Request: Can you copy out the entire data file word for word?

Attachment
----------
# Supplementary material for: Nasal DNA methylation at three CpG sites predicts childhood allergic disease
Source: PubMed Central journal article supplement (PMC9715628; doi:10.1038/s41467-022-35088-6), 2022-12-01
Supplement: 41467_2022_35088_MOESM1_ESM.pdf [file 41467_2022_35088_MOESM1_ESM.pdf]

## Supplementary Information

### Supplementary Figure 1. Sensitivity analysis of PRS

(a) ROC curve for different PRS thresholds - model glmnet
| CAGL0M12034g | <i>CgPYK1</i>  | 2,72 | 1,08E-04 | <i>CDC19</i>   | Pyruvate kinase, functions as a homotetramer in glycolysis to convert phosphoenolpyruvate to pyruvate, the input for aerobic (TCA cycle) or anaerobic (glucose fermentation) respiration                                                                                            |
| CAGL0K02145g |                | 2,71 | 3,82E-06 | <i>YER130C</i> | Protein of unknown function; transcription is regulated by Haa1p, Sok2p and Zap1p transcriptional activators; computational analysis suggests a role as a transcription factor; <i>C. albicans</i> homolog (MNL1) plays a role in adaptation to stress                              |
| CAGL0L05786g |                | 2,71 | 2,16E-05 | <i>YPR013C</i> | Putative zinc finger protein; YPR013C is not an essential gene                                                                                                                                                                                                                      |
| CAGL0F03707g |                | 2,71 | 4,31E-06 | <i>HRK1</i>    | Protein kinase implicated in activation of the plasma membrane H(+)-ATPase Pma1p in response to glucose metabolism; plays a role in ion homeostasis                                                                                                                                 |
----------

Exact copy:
# Supplementary material for: Nasal DNA methylation at three CpG sites predicts childhood allergic disease
Source: PubMed Central journal article supplement (PMC9715628; doi:10.1038/s41467-022-35088-6), 2022-12-01
Supplement: 41467_2022_35088_MOESM1_ESM.pdf [file 41467_2022_35088_MOESM1_ESM.pdf]

## Supplementary Information

### Supplementary Figure 1. Sensitivity analysis of PRS

(a) ROC curve for different PRS thresholds - model glmnet
| CAGL0M12034g | <i>CgPYK1</i>  | 2,72 | 1,08E-04 | <i>CDC19</i>   | Pyruvate kinase, functions as a homotetramer in glycolysis to convert phosphoenolpyruvate to pyruvate, the input for aerobic (TCA cycle) or anaerobic (glucose fermentation) respiration                                                                                            |
| CAGL0K02145g |                | 2,71 | 3,82E-06 | <i>YER130C</i> | Protein of unknown function; transcription is regulated by Haa1p, Sok2p and Zap1p transcriptional activators; computational analysis suggests a role as a transcription factor; <i>C. albicans</i> homolog (MNL1) plays a role in adaptation to stress                              |
| CAGL0L05786g |                | 2,71 | 2,16E-05 | <i>YPR013C</i> | Putative zinc finger protein; YPR013C is not an essential gene                                                                                                                                                                                                                      |
| CAGL0F03707g |                | 2,71 | 4,31E-06 | <i>HRK1</i>    | Protein kinase implicated in activation of the plasma membrane H(+)-ATPase Pma1p in response to glucose metabolism; plays a role in ion homeostasis                                                                                                                                 |